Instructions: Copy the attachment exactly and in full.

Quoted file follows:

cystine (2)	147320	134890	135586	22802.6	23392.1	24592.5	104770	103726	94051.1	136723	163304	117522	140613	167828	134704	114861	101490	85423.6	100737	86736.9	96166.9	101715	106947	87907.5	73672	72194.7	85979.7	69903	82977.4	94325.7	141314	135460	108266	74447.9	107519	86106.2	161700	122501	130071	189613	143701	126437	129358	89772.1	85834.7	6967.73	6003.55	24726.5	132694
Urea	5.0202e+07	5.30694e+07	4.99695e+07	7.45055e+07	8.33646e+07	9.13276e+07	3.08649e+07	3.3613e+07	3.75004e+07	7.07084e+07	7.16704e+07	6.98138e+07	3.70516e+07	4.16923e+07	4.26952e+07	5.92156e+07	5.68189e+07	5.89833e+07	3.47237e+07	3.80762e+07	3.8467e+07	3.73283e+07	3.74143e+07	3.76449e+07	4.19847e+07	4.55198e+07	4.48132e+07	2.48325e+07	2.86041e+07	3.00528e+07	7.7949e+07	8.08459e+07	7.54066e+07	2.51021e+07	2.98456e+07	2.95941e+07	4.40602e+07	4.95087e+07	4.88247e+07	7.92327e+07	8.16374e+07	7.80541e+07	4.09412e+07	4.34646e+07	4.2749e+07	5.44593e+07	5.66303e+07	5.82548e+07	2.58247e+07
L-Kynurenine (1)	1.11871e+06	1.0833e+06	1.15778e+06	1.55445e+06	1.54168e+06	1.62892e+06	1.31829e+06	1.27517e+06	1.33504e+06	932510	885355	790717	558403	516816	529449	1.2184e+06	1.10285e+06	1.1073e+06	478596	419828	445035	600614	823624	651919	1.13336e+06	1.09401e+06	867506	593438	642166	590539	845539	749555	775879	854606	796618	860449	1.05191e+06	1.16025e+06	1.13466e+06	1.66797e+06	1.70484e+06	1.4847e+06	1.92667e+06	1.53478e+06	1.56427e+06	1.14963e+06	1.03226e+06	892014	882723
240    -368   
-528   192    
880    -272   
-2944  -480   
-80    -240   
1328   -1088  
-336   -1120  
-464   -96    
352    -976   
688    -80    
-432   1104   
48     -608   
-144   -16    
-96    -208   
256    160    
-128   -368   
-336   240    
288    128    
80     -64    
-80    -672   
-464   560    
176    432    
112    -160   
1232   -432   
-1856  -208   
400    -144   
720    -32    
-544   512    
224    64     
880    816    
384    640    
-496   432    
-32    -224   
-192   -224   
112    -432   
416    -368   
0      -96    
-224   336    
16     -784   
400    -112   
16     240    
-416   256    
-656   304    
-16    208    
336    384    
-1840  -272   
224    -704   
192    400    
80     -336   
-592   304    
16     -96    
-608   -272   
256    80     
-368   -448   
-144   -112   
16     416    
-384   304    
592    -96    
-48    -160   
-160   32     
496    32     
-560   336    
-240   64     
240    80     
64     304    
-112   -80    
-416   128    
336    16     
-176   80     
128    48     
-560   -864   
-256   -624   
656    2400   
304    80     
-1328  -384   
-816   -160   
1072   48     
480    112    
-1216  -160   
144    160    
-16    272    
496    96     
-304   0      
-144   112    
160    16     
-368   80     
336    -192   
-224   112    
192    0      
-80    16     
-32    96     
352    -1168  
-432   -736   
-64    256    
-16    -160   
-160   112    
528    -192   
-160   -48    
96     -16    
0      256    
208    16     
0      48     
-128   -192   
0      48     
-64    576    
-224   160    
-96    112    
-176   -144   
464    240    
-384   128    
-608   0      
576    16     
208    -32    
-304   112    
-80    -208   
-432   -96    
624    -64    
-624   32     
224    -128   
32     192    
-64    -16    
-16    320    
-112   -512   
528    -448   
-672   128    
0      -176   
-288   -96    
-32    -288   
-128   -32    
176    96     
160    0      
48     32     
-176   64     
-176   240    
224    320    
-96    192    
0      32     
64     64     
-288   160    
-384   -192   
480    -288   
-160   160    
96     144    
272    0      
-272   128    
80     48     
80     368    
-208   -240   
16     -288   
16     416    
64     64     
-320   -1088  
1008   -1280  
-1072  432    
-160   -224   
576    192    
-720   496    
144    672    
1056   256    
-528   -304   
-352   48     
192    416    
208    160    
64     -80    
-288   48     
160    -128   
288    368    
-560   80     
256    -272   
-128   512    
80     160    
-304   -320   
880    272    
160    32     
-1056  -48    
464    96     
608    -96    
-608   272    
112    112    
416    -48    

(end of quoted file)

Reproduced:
cystine (2)	147320	134890	135586	22802.6	23392.1	24592.5	104770	103726	94051.1	136723	163304	117522	140613	167828	134704	114861	101490	85423.6	100737	86736.9	96166.9	101715	106947	87907.5	73672	72194.7	85979.7	69903	82977.4	94325.7	141314	135460	108266	74447.9	107519	86106.2	161700	122501	130071	189613	143701	126437	129358	89772.1	85834.7	6967.73	6003.55	24726.5	132694
Urea	5.0202e+07	5.30694e+07	4.99695e+07	7.45055e+07	8.33646e+07	9.13276e+07	3.08649e+07	3.3613e+07	3.75004e+07	7.07084e+07	7.16704e+07	6.98138e+07	3.70516e+07	4.16923e+07	4.26952e+07	5.92156e+07	5.68189e+07	5.89833e+07	3.47237e+07	3.80762e+07	3.8467e+07	3.73283e+07	3.74143e+07	3.76449e+07	4.19847e+07	4.55198e+07	4.48132e+07	2.48325e+07	2.86041e+07	3.00528e+07	7.7949e+07	8.08459e+07	7.54066e+07	2.51021e+07	2.98456e+07	2.95941e+07	4.40602e+07	4.95087e+07	4.88247e+07	7.92327e+07	8.16374e+07	7.80541e+07	4.09412e+07	4.34646e+07	4.2749e+07	5.44593e+07	5.66303e+07	5.82548e+07	2.58247e+07
L-Kynurenine (1)	1.11871e+06	1.0833e+06	1.15778e+06	1.55445e+06	1.54168e+06	1.62892e+06	1.31829e+06	1.27517e+06	1.33504e+06	932510	885355	790717	558403	516816	529449	1.2184e+06	1.10285e+06	1.1073e+06	478596	419828	445035	600614	823624	651919	1.13336e+06	1.09401e+06	867506	593438	642166	590539	845539	749555	775879	854606	796618	860449	1.05191e+06	1.16025e+06	1.13466e+06	1.66797e+06	1.70484e+06	1.4847e+06	1.92667e+06	1.53478e+06	1.56427e+06	1.14963e+06	1.03226e+06	892014	882723
240    -368   
-528   192    
880    -272   
-2944  -480   
-80    -240   
1328   -1088  
-336   -1120  
-464   -96    
352    -976   
688    -80    
-432   1104   
48     -608   
-144   -16    
-96    -208   
256    160    
-128   -368   
-336   240    
288    128    
80     -64    
-80    -672   
-464   560    
176    432    
112    -160   
1232   -432   
-1856  -208   
400    -144   
720    -32    
-544   512    
224    64     
880    816    
384    640    
-496   432    
-32    -224   
-192   -224   
112    -432   
416    -368   
0      -96    
-224   336    
16     -784   
400    -112   
16     240    
-416   256    
-656   304    
-16    208    
336    384    
-1840  -272   
224    -704   
192    400    
80     -336   
-592   304    
16     -96    
-608   -272   
256    80     
-368   -448   
-144   -112   
16     416    
-384   304    
592    -96    
-48    -160   
-160   32     
496    32     
-560   336    
-240   64     
240    80     
64     304    
-112   -80    
-416   128    
336    16     
-176   80     
128    48     
-560   -864   
-256   -624   
656    2400   
304    80     
-1328  -384   
-816   -160   
1072   48     
480    112    
-1216  -160   
144    160    
-16    272    
496    96     
-304   0      
-144   112    
160    16     
-368   80     
336    -192   
-224   112    
192    0      
-80    16     
-32    96     
352    -1168  
-432   -736   
-64    256    
-16    -160   
-160   112    
528    -192   
-160   -48    
96     -16    
0      256    
208    16     
0      48     
-128   -192   
0      48     
-64    576    
-224   160    
-96    112    
-176   -144   
464    240    
-384   128    
-608   0      
576    16     
208    -32    
-304   112    
-80    -208   
-432   -96    
624    -64    
-624   32     
224    -128   
32     192    
-64    -16    
-16    320    
-112   -512   
528    -448   
-672   128    
0      -176   
-288   -96    
-32    -288   
-128   -32    
176    96     
160    0      
48     32     
-176   64     
-176   240    
224    320    
-96    192    
0      32     
64     64     
-288   160    
-384   -192   
480    -288   
-160   160    
96     144    
272    0      
-272   128    
80     48     
80     368    
-208   -240   
16     -288   
16     416    
64     64     
-320   -1088  
1008   -1280  
-1072  432    
-160   -224   
576    192    
-720   496    
144    672    
1056   256    
-528   -304   
-352   48     
192    416    
208    160    
64     -80    
-288   48     
160    -128   
288    368    
-560   80     
256    -272   
-128   512    
80     160    
-304   -320   
880    272    
160    32     
-1056  -48    
464    96     
608    -96    
-608   272    
112    112    
416    -48    